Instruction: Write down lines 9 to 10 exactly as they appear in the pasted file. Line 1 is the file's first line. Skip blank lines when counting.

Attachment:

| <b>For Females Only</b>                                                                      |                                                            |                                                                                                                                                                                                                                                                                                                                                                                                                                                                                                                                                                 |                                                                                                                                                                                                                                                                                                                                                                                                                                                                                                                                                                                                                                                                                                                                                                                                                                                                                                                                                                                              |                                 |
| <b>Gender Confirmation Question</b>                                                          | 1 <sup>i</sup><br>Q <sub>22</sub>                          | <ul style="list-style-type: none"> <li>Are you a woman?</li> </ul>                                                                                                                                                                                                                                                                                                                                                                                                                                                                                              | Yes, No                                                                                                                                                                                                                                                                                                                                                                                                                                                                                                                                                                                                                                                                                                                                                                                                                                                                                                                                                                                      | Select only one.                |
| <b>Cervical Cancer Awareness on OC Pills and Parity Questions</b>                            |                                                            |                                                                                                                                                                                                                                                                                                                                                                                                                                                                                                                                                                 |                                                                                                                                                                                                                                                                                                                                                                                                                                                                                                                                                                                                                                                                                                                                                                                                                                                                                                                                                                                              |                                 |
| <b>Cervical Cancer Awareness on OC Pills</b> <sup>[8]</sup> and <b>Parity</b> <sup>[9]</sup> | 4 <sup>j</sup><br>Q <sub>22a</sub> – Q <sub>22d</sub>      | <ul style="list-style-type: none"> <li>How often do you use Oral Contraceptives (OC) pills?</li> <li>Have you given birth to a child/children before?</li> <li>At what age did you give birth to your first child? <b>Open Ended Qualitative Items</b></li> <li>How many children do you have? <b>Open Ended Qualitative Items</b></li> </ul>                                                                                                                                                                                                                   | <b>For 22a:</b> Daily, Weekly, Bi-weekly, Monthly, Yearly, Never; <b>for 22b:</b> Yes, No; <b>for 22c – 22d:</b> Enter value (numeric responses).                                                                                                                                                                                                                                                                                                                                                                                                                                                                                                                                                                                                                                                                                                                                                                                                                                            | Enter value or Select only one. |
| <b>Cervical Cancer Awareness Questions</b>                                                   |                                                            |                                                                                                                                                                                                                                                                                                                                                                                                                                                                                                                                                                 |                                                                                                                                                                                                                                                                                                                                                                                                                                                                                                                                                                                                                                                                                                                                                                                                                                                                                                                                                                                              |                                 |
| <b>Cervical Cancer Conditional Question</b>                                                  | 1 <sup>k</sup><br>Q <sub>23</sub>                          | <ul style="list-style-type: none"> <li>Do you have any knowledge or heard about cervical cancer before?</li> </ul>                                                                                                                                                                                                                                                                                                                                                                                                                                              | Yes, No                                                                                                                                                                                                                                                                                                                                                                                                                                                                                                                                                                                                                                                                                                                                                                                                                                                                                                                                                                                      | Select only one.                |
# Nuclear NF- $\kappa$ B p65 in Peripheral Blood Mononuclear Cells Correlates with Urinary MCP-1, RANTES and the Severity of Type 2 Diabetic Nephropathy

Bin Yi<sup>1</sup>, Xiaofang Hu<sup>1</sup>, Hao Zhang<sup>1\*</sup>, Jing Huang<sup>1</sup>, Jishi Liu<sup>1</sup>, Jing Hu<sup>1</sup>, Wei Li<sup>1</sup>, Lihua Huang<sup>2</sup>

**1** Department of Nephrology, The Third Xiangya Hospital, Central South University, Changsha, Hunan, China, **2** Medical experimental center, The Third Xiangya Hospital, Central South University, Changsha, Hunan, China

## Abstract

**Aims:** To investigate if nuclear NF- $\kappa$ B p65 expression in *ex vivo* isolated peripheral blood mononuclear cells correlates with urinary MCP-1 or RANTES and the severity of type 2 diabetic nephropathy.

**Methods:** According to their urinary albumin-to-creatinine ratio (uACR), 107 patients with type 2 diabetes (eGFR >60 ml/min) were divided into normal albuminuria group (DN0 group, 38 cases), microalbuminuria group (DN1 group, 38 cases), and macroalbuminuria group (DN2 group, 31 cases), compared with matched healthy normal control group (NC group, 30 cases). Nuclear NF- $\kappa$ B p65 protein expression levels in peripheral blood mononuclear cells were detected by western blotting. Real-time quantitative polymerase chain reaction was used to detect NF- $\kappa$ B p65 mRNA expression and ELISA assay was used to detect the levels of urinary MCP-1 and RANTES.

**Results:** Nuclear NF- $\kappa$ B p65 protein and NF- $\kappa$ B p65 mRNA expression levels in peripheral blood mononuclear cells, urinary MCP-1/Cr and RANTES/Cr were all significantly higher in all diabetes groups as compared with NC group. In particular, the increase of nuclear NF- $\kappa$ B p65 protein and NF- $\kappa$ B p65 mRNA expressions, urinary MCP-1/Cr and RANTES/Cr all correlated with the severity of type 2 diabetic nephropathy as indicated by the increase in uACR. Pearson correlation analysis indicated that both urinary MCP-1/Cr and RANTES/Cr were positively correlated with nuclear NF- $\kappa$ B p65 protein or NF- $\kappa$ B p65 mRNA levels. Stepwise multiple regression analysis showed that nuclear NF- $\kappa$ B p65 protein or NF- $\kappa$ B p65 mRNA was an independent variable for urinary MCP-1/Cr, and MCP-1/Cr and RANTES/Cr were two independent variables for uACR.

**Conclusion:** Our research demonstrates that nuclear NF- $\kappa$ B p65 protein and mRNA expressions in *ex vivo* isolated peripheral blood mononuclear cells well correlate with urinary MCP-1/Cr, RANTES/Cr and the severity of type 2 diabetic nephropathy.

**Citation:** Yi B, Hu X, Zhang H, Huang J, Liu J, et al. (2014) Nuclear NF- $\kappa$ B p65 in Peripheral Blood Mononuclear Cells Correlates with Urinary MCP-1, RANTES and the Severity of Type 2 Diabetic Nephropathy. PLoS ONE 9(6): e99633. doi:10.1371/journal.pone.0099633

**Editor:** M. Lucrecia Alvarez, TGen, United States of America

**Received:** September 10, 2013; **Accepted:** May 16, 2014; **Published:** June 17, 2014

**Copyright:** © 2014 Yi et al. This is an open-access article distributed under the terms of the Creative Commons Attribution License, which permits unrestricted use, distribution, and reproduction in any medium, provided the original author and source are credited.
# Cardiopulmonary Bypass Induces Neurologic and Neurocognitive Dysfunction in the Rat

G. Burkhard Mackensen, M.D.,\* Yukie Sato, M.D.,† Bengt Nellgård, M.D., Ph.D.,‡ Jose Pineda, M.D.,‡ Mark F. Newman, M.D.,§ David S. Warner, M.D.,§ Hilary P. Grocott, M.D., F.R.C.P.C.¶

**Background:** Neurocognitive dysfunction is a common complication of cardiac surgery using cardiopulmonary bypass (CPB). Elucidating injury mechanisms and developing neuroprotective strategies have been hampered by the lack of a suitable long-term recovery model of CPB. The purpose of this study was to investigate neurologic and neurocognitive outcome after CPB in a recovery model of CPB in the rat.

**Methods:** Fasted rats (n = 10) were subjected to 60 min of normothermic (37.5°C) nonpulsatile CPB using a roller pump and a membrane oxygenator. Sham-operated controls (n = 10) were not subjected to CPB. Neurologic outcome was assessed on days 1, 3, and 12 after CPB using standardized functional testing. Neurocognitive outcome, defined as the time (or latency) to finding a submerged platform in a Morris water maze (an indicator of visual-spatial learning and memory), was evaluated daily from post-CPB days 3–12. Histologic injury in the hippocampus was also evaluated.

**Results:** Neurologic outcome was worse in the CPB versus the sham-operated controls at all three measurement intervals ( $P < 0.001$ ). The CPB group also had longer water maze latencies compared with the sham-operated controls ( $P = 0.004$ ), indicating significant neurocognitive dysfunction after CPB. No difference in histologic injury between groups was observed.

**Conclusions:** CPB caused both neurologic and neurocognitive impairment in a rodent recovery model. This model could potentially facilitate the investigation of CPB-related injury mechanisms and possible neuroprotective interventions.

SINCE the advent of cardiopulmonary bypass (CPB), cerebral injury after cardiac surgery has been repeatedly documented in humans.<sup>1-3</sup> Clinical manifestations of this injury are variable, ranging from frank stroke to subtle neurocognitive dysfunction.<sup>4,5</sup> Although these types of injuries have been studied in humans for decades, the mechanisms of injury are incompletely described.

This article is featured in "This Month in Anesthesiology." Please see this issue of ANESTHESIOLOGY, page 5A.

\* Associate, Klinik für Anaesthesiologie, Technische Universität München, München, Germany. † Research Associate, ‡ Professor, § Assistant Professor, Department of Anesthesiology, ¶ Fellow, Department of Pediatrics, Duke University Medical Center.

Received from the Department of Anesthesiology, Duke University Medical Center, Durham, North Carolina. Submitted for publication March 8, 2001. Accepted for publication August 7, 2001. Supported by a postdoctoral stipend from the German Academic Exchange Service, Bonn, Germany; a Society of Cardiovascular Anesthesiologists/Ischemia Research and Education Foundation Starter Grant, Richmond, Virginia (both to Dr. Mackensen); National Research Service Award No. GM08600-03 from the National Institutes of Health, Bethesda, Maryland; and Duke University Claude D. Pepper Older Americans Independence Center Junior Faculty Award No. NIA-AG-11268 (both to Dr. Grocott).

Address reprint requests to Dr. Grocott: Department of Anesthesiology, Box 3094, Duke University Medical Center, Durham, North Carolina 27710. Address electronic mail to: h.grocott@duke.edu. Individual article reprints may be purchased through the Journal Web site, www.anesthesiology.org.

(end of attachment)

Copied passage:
**1** Department of Nephrology, The Third Xiangya Hospital, Central South University, Changsha, Hunan, China, **2** Medical experimental center, The Third Xiangya Hospital, Central South University, Changsha, Hunan, China

## Abstract